The Hips Have It
By Christopher Caile
(With Added Commentary by George Donahue)
karate, taekwondo and kung fu students are constantly reminded about
putting our hips into various techniques to add power. But what is not
said is that sometimes what we don't do with our hips is just as important.
What does this mean? Well, for example, most students are taught that
thrusting your hips into a front kick adds both power and reach. This
is true. But, if you are trying to execute a quick follow up punch,
the forward thrust of the hips actually reduces the speed of your follow
That's because when you push your hips forward, you lose your center.
That means you have to pull your hips back to regain your center and
balance before an effective punch can be launched. This takes time and
allows your opponent the opportunity to defend himself more easily.
If instead you hold your hips back when you do a front kick, your follow-up
punch can be launched much more quickly. Here, for example, the punch
begins as the kicking leg is pulled back. The retreating kick and punch
work together, one retreating, the other extending, just as you would
do as if you punched with one arm and then the other. This allows the
possibility of a whole flurry of quick techniques -- punches and kicks.
have always wondered about the old photo of Chojun Mayagi, the
founder of Goju-ryu, which shows him doing a front kick while
also blocking with both arms. While the particular effectiveness
of the technique shown may be questioned, the photo does illustrate
this same conservation of hip movement so as to be able to execute
Another good example of holding the hips back is in the executing of
a front kick that turns into a roundhouse kick. If the hip is extended
into the front kick, it is difficult to follow with a roundhouse kick
with the same leg without pulling the hip back first.
A much more effective method is to hold the hips back when doing the
front kick and then using them to power the following roundhouse kick.
In this way the two kicks can be combined and the second kick launched
much more quickly and powerfully.
On the Other Hand
By George Donahue
Sometimes in martial arts, as in most of our experience, we fall into
the trap of thinking that if something is not "A" then it
must be "B" and only "B." Sometimes there really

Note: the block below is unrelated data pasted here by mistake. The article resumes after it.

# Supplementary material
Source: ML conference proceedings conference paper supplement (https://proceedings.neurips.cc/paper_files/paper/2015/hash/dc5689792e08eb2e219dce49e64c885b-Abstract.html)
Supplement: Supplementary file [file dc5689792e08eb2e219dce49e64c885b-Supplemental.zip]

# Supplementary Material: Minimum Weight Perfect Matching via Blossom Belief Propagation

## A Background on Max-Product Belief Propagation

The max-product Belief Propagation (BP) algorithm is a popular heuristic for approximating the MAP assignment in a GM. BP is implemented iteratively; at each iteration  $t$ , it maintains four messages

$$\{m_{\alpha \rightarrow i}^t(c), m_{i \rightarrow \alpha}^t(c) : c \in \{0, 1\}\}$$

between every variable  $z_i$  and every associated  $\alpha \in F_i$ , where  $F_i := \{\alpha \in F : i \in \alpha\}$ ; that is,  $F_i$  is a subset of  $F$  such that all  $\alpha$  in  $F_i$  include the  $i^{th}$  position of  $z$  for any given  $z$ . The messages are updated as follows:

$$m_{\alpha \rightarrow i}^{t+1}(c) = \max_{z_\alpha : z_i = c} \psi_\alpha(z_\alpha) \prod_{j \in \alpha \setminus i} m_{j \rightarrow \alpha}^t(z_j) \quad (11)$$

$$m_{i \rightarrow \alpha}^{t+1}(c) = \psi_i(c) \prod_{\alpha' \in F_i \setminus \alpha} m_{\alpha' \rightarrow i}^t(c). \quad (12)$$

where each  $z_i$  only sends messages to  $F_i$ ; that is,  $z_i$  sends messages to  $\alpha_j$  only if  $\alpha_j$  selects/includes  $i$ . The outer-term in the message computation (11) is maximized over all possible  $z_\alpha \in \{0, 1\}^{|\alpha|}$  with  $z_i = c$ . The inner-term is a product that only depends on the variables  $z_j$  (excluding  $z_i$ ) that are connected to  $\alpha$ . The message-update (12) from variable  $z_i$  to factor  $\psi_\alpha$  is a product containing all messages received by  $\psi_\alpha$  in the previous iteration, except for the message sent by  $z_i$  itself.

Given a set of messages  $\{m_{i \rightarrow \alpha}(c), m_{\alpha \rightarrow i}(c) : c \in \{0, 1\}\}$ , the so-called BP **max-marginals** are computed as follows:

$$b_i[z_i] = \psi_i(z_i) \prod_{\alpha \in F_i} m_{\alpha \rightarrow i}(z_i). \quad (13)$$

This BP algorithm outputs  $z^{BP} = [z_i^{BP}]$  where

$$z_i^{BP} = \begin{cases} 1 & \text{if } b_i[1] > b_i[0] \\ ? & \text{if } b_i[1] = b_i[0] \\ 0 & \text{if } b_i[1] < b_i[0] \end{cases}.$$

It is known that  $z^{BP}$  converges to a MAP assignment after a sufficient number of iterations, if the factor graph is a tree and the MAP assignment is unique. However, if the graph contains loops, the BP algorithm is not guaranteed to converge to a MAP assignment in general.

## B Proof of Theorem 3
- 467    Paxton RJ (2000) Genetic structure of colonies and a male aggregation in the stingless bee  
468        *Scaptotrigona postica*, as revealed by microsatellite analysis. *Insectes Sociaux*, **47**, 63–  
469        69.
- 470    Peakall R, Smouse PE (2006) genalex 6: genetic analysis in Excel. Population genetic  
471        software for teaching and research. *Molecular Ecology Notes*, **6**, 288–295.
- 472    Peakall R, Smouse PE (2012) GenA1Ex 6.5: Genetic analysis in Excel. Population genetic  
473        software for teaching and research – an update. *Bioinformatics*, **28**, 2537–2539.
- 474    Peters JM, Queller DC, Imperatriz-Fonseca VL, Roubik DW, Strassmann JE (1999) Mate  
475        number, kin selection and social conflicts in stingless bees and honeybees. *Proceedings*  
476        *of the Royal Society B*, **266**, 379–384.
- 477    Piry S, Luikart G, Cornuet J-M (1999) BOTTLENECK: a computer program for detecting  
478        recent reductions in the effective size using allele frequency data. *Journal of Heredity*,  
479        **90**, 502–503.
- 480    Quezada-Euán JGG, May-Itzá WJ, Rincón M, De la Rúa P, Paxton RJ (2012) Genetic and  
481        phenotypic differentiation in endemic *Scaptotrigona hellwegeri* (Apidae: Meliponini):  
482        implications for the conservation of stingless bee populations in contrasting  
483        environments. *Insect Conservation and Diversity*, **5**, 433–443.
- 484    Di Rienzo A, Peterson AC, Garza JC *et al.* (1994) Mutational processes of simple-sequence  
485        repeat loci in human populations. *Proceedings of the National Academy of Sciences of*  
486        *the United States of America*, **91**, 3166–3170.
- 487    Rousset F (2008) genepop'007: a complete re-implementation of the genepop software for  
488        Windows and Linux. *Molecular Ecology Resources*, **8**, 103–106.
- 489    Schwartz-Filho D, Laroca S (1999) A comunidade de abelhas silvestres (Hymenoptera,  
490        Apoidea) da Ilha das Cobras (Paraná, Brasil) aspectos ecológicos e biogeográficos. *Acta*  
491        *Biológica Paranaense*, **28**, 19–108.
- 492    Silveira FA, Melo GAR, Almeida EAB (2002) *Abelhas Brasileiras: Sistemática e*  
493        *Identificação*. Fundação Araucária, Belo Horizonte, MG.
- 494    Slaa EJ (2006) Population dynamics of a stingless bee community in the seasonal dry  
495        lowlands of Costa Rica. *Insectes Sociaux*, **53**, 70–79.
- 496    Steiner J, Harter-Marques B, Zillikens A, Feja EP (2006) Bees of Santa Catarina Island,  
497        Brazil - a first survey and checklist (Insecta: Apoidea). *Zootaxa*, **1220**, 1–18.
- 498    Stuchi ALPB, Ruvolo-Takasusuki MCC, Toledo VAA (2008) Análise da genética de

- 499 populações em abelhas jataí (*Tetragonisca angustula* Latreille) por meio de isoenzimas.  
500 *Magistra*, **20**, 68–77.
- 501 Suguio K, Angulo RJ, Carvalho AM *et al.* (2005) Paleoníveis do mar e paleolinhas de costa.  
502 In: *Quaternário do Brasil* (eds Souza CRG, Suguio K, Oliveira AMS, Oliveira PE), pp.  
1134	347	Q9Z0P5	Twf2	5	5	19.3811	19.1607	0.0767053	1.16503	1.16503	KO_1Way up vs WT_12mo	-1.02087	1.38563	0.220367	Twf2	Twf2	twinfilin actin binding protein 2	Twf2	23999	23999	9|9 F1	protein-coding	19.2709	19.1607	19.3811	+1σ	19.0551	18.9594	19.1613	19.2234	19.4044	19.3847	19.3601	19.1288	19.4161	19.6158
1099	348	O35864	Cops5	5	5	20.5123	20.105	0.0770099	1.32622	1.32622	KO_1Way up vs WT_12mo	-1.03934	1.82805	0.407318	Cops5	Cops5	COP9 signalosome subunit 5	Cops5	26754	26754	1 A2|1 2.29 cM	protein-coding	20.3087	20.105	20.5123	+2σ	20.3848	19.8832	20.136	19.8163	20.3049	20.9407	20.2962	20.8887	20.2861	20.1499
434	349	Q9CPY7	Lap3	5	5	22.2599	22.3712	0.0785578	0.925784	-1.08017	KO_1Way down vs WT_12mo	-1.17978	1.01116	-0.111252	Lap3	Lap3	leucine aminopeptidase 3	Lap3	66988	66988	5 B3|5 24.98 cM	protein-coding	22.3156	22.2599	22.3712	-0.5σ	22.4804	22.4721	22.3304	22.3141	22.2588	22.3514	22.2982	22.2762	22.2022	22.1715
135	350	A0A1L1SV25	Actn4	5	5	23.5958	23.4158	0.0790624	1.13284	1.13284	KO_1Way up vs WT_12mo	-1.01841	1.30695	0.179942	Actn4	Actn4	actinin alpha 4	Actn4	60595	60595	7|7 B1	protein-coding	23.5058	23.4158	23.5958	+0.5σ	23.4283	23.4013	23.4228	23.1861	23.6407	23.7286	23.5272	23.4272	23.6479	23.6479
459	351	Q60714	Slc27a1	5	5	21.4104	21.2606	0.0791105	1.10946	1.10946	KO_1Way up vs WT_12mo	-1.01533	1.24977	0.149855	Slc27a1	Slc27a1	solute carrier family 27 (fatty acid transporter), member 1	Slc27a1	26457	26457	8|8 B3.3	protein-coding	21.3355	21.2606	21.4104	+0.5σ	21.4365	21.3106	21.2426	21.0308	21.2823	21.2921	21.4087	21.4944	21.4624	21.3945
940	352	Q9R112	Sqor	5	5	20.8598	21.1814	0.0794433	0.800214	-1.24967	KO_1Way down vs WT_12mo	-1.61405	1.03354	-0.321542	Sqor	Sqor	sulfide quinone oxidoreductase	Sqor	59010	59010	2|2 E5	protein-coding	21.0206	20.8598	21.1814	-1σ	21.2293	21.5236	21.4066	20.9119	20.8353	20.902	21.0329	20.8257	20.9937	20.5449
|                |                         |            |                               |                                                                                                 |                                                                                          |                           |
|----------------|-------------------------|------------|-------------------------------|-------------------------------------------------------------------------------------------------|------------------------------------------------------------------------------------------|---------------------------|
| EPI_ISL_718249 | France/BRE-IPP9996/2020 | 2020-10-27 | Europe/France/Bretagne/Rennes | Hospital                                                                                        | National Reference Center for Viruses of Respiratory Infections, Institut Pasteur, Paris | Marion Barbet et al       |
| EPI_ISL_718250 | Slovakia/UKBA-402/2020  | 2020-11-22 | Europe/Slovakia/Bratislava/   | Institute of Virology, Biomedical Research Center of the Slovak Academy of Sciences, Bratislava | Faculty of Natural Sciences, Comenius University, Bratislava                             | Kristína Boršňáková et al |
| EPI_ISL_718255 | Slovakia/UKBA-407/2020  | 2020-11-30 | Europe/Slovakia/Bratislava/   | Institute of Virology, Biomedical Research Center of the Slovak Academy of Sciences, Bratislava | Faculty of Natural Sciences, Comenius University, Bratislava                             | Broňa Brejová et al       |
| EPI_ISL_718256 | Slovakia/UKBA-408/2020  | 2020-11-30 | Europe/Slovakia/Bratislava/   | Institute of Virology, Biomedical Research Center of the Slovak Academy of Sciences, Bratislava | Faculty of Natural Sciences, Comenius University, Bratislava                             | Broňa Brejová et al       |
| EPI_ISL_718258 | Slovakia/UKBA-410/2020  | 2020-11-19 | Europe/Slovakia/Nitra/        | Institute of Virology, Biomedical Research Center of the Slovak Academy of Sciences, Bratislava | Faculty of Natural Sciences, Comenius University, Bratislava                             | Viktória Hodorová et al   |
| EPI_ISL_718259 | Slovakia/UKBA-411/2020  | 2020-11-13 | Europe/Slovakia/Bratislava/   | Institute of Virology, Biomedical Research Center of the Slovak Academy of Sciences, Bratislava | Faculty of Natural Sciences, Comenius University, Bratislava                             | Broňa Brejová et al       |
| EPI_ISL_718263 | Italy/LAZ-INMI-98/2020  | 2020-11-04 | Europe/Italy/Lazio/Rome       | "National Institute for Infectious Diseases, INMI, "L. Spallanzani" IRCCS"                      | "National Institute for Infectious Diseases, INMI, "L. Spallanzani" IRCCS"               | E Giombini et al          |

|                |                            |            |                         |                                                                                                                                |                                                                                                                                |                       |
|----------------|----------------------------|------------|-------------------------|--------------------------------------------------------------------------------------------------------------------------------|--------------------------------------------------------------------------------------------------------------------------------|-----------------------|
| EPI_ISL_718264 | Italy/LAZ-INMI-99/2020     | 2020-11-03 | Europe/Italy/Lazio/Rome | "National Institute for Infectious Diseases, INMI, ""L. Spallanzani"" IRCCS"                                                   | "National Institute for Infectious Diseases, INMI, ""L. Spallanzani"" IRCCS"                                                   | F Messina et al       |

are only two choices, but most times there are more choices, if we look
at the situation more intently. We have to be careful that we don't
disregard "C" and even "D" through "Z,"
if they're at hand.
I read my friend Chris Caile's article "The Hips Have It"
with great interest. I agree with Chris completely that the manner of
hanging out the hip to create greater extension and thrust with a kick
is not really optimal, however traditional it may be in certain styles,
particularly those originating in Japan rather than Okinawa. In my younger
days, I used to love it when my sparring partners fell into the error
of overextension-with either the leg or arm-as it usually made for easy
disposal, and it at least greatly improved the odds in my favor, despite
my smaller size. I was also many times able to take advantage of an
attacker's overextension in my days as a nightclub suirakan doorman.
There is no easier way to take someone's balance than by letting him
do the work for you himself.
However, to keep the hips retracted and/or centered sacrifices too much
potential power, limits the kicking range and height, and severely constrains
delivery speed. It allows your attacker to stay much closer to you and
to dictate ma-ai, the fighting distance. You cannot maximize your effort
if you stay in a state of contraction, hips at neutral.
So, in this case, neither "A," extending into the kick, or
"B" not extending into the kick, is without limitation. Both
have some pluses, but both have some heavy negatives, too. That means
it's time to start thinking about whether there might be other alternatives.
In fact, there are more than one that I'm aware of, and there are probably